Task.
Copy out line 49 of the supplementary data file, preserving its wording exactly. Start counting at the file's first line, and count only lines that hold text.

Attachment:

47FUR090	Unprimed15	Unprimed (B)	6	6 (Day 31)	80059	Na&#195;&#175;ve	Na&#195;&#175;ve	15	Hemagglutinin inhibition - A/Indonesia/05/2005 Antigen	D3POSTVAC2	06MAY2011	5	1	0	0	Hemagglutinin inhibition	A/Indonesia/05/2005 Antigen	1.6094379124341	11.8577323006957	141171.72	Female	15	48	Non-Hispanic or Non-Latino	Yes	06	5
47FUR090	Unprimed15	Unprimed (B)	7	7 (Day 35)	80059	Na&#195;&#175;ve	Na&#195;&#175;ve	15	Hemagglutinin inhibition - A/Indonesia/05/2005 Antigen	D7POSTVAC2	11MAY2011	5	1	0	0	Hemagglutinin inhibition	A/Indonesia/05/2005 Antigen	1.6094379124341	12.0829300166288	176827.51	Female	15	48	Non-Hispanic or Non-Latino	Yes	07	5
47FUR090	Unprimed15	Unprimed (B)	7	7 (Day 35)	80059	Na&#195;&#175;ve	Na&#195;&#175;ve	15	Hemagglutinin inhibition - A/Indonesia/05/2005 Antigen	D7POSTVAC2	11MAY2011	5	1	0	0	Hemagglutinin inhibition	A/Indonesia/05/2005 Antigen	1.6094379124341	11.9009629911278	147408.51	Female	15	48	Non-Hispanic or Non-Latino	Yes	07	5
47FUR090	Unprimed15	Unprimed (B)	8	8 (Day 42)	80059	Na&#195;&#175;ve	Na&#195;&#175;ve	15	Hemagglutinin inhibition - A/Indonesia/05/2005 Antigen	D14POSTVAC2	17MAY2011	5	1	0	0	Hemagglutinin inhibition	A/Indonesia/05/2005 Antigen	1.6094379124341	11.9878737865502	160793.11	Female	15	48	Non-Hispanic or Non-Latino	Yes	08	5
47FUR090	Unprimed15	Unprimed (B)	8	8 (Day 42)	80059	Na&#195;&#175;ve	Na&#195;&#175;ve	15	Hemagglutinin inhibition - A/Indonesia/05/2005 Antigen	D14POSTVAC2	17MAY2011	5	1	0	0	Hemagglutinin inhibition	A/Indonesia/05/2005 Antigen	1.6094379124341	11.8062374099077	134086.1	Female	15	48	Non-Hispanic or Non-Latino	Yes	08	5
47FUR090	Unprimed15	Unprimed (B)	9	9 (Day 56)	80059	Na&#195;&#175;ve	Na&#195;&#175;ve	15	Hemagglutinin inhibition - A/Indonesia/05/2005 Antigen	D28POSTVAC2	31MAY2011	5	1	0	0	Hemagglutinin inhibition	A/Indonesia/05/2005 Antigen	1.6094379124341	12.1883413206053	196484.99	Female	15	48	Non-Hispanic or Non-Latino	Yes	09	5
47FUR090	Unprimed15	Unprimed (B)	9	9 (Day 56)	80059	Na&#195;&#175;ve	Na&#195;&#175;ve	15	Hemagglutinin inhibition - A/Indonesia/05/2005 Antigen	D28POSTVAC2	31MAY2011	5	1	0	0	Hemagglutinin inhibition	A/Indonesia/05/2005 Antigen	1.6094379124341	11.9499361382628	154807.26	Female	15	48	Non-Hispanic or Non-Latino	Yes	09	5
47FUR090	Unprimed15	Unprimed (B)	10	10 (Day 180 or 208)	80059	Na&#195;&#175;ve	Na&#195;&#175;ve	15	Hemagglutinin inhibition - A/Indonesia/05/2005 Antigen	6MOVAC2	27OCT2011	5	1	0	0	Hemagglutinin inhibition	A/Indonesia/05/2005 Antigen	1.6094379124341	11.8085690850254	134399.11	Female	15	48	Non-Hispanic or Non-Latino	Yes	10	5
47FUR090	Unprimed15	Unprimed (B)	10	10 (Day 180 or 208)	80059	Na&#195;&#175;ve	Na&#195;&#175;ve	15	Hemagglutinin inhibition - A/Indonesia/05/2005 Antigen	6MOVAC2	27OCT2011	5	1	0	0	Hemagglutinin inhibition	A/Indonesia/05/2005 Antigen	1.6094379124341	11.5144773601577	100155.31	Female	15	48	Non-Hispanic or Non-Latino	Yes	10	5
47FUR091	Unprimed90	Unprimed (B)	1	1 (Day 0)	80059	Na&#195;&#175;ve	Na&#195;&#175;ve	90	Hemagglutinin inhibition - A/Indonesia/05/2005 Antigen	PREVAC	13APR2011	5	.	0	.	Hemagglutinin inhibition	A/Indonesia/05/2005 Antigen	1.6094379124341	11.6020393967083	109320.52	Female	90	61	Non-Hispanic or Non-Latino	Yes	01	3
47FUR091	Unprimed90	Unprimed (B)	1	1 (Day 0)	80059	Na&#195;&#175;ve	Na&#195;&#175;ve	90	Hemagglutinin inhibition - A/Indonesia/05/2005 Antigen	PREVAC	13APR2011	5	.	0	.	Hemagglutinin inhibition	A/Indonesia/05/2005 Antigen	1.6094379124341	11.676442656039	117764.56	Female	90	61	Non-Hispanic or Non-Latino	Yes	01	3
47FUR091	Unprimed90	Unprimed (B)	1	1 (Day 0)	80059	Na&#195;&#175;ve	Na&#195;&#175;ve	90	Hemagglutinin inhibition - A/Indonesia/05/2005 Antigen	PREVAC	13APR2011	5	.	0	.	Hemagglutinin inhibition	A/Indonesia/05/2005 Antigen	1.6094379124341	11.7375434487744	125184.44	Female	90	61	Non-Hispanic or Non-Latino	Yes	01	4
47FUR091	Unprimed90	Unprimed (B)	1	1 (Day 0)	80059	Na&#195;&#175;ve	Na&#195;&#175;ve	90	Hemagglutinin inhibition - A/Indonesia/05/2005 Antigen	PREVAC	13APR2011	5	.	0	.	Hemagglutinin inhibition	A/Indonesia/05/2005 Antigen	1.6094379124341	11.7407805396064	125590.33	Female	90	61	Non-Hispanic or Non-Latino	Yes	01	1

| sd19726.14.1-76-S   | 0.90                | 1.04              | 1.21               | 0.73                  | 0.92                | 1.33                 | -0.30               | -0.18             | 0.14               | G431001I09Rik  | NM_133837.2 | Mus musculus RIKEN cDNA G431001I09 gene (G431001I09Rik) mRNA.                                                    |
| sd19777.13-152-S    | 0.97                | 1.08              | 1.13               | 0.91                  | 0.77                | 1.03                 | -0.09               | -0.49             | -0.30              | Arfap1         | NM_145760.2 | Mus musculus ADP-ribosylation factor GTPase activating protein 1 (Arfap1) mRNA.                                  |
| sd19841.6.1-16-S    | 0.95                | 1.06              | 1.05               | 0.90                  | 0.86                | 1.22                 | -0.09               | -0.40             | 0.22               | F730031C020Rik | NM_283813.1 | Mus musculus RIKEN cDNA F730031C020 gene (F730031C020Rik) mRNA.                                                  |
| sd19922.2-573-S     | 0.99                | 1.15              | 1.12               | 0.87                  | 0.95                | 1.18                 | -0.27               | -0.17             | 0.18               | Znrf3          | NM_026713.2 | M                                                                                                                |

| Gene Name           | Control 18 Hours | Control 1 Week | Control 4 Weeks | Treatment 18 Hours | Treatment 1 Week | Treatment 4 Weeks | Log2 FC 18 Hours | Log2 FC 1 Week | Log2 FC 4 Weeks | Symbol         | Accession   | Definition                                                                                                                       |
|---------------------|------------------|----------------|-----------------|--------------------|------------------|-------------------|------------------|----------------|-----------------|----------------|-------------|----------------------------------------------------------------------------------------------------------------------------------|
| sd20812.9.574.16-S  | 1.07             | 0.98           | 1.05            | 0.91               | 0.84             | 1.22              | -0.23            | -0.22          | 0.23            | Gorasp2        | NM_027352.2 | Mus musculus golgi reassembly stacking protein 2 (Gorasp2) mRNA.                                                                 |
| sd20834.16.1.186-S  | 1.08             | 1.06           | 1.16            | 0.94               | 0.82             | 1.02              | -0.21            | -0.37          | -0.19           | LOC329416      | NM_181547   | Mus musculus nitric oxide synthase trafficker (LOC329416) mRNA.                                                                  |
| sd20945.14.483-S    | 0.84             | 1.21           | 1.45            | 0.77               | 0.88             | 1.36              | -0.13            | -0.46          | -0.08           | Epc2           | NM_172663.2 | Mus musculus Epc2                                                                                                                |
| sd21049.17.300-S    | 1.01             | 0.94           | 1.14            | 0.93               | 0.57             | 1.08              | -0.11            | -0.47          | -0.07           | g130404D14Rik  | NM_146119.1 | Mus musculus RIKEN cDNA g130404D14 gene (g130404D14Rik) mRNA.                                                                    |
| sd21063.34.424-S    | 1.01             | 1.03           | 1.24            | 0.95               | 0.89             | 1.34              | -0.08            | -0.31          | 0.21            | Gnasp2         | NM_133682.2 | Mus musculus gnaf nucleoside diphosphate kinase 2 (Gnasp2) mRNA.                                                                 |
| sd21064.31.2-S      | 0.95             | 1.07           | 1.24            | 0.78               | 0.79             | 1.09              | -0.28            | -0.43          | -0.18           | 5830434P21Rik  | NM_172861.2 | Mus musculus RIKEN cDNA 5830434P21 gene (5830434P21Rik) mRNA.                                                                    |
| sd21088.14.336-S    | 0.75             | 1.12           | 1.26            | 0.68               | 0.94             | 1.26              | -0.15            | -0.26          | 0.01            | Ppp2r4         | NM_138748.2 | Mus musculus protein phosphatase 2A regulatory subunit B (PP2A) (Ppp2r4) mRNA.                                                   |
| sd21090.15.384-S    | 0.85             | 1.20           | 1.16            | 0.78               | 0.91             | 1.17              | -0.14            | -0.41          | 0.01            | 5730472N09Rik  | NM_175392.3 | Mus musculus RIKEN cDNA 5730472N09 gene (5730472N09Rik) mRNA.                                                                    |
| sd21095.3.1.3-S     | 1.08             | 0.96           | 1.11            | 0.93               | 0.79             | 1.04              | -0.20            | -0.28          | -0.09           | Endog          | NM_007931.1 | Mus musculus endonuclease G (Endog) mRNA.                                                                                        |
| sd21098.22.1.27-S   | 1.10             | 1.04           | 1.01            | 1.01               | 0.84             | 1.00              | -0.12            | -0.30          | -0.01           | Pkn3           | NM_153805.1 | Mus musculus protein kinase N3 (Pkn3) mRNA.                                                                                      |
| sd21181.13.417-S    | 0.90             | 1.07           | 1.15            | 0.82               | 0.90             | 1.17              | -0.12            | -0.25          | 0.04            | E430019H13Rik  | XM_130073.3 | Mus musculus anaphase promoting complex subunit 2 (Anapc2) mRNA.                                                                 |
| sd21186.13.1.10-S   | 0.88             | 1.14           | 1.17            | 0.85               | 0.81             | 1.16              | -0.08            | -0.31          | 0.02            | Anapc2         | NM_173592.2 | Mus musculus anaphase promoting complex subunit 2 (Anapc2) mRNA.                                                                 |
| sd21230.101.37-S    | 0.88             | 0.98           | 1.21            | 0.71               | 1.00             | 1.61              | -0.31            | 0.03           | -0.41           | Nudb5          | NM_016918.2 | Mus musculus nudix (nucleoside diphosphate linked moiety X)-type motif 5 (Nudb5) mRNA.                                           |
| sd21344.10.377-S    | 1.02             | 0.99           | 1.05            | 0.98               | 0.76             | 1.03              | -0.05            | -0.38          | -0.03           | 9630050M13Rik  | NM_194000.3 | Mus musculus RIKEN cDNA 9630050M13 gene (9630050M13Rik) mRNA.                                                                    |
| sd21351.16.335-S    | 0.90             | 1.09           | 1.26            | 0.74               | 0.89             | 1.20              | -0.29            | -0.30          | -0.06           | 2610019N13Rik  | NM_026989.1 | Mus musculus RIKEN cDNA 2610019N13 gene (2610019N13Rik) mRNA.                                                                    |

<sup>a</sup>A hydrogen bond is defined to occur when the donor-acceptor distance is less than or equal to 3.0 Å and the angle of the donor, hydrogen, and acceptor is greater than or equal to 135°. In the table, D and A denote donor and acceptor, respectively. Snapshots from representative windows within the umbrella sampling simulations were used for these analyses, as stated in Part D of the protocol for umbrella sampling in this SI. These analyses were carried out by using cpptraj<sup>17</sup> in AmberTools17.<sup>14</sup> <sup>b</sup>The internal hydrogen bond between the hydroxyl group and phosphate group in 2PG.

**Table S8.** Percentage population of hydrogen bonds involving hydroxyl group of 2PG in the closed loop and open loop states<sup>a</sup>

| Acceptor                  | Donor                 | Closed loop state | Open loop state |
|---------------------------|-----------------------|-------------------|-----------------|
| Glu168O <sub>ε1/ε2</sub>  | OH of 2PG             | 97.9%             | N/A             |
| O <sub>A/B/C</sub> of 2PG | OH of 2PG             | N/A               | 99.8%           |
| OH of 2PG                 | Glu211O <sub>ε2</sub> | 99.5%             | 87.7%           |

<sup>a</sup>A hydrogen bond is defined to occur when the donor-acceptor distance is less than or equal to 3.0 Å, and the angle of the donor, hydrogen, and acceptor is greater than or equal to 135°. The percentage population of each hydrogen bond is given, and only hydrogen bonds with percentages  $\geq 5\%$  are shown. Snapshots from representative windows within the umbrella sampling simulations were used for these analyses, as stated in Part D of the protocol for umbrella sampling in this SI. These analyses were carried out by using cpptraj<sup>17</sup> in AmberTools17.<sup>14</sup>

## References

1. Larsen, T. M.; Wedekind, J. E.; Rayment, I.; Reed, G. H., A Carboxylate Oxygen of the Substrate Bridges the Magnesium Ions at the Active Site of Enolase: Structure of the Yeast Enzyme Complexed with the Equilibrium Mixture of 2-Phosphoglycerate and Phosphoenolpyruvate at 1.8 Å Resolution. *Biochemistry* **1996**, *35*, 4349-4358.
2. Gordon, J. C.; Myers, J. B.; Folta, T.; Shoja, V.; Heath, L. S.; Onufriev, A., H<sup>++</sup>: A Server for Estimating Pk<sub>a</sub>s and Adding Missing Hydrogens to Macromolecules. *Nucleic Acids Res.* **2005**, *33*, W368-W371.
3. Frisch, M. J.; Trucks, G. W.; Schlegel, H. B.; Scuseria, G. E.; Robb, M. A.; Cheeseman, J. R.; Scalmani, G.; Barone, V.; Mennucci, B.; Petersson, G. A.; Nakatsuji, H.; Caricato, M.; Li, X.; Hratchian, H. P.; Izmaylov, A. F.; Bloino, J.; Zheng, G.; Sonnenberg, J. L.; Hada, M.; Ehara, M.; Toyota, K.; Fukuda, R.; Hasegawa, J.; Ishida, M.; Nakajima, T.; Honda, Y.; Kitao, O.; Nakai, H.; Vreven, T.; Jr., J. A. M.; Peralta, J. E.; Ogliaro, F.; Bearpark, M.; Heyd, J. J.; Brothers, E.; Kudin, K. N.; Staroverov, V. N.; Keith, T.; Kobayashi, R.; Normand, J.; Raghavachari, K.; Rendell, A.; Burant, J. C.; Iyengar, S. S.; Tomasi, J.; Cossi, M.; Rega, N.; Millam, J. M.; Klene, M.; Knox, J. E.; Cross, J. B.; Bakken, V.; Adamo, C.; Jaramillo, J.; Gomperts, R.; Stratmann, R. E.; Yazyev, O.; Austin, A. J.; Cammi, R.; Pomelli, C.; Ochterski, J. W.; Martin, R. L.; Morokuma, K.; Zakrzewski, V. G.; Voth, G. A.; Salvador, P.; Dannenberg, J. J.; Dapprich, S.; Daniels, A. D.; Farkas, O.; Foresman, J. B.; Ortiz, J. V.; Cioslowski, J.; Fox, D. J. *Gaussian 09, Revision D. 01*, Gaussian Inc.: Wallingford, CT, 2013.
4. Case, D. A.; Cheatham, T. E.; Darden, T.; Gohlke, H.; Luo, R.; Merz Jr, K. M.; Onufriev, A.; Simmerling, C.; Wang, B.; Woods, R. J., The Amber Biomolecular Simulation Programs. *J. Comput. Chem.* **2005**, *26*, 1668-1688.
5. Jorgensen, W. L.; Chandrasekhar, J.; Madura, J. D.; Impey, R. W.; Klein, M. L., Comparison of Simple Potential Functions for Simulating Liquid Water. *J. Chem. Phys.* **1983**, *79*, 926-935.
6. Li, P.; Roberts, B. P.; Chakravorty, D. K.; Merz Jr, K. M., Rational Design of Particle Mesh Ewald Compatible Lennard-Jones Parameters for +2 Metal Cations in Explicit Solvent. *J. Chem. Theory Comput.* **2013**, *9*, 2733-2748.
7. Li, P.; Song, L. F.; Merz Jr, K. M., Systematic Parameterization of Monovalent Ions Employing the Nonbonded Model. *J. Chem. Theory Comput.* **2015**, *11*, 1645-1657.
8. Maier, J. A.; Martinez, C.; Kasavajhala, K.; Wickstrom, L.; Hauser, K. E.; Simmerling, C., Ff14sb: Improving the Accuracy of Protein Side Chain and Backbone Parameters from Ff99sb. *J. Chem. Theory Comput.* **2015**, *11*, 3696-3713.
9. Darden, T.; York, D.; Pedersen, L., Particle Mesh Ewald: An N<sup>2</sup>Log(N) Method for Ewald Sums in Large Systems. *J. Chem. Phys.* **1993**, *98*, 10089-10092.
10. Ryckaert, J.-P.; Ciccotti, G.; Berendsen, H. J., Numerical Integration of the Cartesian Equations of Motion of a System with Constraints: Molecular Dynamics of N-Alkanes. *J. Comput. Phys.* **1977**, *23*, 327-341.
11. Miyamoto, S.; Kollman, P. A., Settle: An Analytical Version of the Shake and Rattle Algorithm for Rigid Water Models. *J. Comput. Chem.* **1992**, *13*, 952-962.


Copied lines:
6. Li, P.; Roberts, B. P.; Chakravorty, D. K.; Merz Jr, K. M., Rational Design of Particle Mesh Ewald Compatible Lennard-Jones Parameters for +2 Metal Cations in Explicit Solvent. *J. Chem. Theory Comput.* **2013**, *9*, 2733-2748.